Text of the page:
Tomographically Reconstructed Image

Magnetic resonance imaging (MRI) is a medical imaging technique used in radiology to form pictures of the anatomy and the physiological processes of the body in both health and disease. MRI scanners use strong magnetic fields, magnetic field gradients, and radio waves to generate images of the organs in the body. MRI does not involve X-rays or the use of ionizing radiation, which distinguishes it from CT or CAT scans and PET scans. Magnetic resonance imaging is a medical application of nuclear magnetic resonance (NMR). NMR can also be used for imaging in other NMR applications such as NMR spectroscopy.

Diagnostic ultrasound, also called sonography or diagnostic medical sonography, is an imaging method that uses high-frequency sound waves to produce images of structures within your body. The images can provide valuable information for diagnosing and treating a variety of diseases and conditions. Most ultrasound examinations are done using an ultrasound device outside your body, though some involve placing a device inside your body. Diagnostic ultrasound is a safe procedure that uses low-power sound waves. There are no known risks. Ultrasound is a valuable tool, but it has limitations. Sound doesn’t travel well through air or bone, so ultrasound isn’t effective at imaging body parts that have gas in them or are hidden by bone, such as the lungs or head. To view these areas, your doctor may order other imaging tests, such as CT or MRI scans or X-rays.

Materialise Mimics Interface

We need to explain specific software that helps to stitch images into 3D files. That software is called Mimics. Materialise Mimics is an image processing software for 3D design and modeling, developed by Materialise NV, a Belgian company specialized in additive manufacturing software and technology for medical, dental and additive manufacturing industries. Materialise Mimics is used to create 3D surface models from stacks of 2D image data. These 3D models can then be used for a variety of engineering applications. Mimics is an acronym for Materialise Interactive Medical Image Control System. It is developed in an ISO environment with CE and FDA 510k premarket clearance.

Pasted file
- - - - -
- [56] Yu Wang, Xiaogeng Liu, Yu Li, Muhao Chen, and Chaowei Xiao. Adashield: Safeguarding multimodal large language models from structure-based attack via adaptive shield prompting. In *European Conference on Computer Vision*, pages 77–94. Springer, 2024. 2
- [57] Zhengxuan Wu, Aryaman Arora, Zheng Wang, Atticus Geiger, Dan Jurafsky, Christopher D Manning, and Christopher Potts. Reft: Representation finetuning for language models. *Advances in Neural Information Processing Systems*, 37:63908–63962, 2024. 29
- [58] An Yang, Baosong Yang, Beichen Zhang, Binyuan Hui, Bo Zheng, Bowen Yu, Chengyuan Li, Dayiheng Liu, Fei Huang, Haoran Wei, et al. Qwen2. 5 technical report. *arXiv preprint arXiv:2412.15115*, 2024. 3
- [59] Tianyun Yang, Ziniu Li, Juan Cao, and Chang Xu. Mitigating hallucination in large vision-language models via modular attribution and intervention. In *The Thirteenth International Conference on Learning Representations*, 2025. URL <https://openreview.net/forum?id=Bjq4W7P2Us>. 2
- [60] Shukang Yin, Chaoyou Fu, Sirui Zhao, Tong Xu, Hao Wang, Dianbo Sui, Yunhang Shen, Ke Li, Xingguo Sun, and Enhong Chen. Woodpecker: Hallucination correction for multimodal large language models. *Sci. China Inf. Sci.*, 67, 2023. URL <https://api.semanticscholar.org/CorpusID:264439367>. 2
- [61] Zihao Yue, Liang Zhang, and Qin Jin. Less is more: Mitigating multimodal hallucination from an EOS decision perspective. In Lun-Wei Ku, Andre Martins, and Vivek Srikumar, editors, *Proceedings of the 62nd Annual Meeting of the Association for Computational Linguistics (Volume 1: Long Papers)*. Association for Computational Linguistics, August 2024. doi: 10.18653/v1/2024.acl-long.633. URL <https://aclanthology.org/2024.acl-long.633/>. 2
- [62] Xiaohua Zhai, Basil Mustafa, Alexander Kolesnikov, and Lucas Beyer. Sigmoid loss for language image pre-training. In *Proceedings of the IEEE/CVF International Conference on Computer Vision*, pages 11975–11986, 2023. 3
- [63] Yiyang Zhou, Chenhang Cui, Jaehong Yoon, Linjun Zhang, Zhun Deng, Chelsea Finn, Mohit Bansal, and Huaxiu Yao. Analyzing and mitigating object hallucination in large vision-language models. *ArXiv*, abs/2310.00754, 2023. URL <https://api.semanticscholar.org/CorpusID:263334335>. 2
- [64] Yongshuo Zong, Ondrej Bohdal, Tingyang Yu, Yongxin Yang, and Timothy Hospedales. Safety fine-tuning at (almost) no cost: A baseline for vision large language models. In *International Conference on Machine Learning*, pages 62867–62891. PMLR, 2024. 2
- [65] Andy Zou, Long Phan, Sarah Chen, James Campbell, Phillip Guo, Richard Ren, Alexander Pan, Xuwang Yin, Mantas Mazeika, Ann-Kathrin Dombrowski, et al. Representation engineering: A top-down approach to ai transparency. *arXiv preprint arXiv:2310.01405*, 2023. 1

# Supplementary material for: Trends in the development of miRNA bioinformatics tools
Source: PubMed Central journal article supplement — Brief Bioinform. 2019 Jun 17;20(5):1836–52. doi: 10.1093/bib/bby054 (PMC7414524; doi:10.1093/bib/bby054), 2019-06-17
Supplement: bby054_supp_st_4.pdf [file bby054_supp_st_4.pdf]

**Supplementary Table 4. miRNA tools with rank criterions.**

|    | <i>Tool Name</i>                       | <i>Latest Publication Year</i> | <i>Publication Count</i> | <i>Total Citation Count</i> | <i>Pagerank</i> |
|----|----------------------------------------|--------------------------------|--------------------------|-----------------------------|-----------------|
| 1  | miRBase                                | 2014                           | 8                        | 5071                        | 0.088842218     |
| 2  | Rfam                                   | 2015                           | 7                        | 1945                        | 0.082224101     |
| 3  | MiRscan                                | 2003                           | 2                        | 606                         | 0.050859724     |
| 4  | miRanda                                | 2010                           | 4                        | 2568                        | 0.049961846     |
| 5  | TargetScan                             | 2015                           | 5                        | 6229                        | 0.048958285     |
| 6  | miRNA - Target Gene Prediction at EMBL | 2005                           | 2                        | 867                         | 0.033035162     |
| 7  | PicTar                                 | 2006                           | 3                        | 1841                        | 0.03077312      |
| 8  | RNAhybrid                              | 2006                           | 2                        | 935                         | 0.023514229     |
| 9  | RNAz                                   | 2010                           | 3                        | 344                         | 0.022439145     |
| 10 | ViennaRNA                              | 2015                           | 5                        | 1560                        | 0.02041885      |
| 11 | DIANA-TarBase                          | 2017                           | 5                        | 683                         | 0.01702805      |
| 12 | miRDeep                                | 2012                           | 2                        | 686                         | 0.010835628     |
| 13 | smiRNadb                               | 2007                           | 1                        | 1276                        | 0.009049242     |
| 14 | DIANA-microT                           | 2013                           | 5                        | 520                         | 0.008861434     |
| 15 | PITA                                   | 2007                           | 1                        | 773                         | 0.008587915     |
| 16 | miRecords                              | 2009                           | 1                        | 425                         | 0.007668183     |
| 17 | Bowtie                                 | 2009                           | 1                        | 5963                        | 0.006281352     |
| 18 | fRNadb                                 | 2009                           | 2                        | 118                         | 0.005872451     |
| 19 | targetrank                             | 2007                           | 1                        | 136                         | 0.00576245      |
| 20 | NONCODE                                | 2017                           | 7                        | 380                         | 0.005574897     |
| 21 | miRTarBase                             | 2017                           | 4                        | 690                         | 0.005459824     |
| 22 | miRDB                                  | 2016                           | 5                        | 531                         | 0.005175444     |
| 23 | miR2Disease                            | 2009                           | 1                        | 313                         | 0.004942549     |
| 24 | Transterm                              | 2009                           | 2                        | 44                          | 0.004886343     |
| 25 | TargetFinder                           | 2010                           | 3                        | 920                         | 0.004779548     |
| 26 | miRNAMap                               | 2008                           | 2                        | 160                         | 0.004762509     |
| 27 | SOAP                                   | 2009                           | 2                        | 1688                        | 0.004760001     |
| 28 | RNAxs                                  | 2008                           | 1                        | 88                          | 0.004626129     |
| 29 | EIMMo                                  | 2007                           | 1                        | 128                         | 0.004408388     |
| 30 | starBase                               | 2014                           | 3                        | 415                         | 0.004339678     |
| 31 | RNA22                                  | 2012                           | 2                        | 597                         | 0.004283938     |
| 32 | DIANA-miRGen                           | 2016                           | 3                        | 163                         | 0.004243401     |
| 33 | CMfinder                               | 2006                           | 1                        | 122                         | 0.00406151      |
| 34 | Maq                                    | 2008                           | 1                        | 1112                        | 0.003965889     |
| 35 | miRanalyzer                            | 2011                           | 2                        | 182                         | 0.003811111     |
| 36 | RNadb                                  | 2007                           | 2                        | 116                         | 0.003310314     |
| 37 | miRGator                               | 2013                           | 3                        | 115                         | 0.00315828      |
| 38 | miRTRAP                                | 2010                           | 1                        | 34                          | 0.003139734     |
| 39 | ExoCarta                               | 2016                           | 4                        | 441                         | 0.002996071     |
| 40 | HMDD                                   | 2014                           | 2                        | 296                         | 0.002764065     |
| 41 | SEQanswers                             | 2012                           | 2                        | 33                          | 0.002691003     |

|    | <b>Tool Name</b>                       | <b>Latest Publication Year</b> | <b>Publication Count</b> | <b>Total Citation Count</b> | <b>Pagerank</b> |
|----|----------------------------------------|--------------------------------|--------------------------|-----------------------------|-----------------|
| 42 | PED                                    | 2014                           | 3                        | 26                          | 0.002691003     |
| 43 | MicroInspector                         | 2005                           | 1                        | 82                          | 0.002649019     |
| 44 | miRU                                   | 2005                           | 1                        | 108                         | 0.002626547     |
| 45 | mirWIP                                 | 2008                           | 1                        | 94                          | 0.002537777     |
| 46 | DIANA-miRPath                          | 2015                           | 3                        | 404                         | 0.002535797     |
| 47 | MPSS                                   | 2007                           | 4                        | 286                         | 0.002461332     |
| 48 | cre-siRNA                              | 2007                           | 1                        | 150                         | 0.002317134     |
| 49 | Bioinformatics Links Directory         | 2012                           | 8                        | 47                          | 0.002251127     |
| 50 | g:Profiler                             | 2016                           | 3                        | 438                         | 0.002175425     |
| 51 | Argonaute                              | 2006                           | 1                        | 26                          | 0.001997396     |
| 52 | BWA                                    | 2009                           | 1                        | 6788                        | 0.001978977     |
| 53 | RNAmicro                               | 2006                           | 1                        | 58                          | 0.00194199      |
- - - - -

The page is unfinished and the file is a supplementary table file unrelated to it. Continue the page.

A major development within bioprinting is the development of imaging technology. Radiology and imaging allows for precision image quality that leads to overall higher resolution 3D models of structures of the body. At the previous RSNA conference in 2018, various 3D printing companies were in attendance showing the importance of Radiology and imaging technology when it comes to the future of 3D printing. This shows the way the industry is trending, and it will be interesting to see what can occur within the future. Precision is very important to the future of bioprinting. It will be cool to see how exact we can become with imaging and 3D model reconstruction.